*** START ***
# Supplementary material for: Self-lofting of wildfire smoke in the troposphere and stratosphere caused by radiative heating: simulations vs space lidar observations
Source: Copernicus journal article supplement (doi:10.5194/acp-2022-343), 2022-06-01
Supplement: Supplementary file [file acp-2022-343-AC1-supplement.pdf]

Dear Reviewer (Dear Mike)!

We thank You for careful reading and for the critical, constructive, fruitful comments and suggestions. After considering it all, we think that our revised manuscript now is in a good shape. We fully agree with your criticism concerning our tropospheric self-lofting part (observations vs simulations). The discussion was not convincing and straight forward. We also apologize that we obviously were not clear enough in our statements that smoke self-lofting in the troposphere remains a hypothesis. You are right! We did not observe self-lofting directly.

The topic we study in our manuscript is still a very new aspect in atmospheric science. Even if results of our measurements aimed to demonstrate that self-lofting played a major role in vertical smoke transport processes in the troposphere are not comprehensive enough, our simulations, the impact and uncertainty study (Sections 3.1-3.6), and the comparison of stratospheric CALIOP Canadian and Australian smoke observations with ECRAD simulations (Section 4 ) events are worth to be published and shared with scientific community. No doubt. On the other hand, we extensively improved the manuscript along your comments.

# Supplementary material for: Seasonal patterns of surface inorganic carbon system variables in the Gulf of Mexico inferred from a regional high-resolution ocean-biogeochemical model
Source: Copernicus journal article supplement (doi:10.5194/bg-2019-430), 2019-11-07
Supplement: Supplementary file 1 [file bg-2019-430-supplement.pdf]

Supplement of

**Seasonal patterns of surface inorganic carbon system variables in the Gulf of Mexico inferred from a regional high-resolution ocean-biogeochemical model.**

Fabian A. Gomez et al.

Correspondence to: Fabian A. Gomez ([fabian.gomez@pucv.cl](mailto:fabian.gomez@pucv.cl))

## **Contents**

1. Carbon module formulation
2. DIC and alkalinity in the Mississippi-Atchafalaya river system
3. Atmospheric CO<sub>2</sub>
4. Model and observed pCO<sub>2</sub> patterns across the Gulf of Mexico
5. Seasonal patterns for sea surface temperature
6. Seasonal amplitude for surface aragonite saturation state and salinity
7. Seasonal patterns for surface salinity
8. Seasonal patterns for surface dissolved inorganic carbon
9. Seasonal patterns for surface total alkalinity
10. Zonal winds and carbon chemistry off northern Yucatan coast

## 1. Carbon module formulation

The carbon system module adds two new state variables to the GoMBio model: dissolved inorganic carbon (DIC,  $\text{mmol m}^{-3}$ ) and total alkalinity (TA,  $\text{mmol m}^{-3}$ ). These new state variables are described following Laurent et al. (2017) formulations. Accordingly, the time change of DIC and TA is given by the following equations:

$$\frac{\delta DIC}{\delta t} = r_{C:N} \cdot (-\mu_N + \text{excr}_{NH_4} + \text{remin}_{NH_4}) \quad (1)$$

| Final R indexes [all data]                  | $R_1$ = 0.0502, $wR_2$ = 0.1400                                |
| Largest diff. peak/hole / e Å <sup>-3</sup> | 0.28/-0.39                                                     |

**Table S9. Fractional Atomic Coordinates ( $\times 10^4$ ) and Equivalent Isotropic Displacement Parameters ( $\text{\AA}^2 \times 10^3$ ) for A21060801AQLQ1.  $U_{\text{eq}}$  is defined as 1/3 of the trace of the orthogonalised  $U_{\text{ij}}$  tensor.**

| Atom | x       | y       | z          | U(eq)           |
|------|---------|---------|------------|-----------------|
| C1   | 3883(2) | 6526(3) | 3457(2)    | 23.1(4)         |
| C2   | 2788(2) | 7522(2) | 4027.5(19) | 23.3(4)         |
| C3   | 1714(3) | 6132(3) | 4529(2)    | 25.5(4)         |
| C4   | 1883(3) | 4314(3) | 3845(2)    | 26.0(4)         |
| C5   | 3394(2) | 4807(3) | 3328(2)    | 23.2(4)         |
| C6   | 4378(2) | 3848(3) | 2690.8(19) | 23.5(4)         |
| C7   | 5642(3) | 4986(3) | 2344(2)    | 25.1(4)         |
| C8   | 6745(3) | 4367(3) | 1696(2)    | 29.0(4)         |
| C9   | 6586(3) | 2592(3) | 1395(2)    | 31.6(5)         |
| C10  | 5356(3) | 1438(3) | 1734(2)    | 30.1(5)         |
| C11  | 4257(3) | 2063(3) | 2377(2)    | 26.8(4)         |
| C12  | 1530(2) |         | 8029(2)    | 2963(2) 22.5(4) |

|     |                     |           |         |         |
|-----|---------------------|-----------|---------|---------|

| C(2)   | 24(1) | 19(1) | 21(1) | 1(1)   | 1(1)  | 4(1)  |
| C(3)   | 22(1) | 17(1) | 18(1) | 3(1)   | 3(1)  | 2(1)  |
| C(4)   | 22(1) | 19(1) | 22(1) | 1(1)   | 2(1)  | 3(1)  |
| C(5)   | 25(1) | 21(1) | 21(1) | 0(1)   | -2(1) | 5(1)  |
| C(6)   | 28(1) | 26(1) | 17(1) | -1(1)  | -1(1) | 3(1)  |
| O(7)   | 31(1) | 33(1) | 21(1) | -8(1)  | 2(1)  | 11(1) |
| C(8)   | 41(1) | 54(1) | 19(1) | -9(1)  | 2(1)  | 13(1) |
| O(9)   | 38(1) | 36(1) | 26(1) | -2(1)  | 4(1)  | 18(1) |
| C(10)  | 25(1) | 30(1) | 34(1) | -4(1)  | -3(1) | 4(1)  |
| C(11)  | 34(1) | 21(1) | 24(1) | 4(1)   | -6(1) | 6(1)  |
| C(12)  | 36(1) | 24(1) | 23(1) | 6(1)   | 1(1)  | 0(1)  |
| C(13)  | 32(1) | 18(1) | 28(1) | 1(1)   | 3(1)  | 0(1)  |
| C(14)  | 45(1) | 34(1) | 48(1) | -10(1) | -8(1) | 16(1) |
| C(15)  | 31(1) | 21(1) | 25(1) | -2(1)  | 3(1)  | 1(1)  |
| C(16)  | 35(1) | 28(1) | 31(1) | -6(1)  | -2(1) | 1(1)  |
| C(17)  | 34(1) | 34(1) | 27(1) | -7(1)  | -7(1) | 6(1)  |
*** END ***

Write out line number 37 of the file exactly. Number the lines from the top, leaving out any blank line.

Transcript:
| C5   | 3394(2) | 4807(3) | 3328(2)    | 23.2(4)         |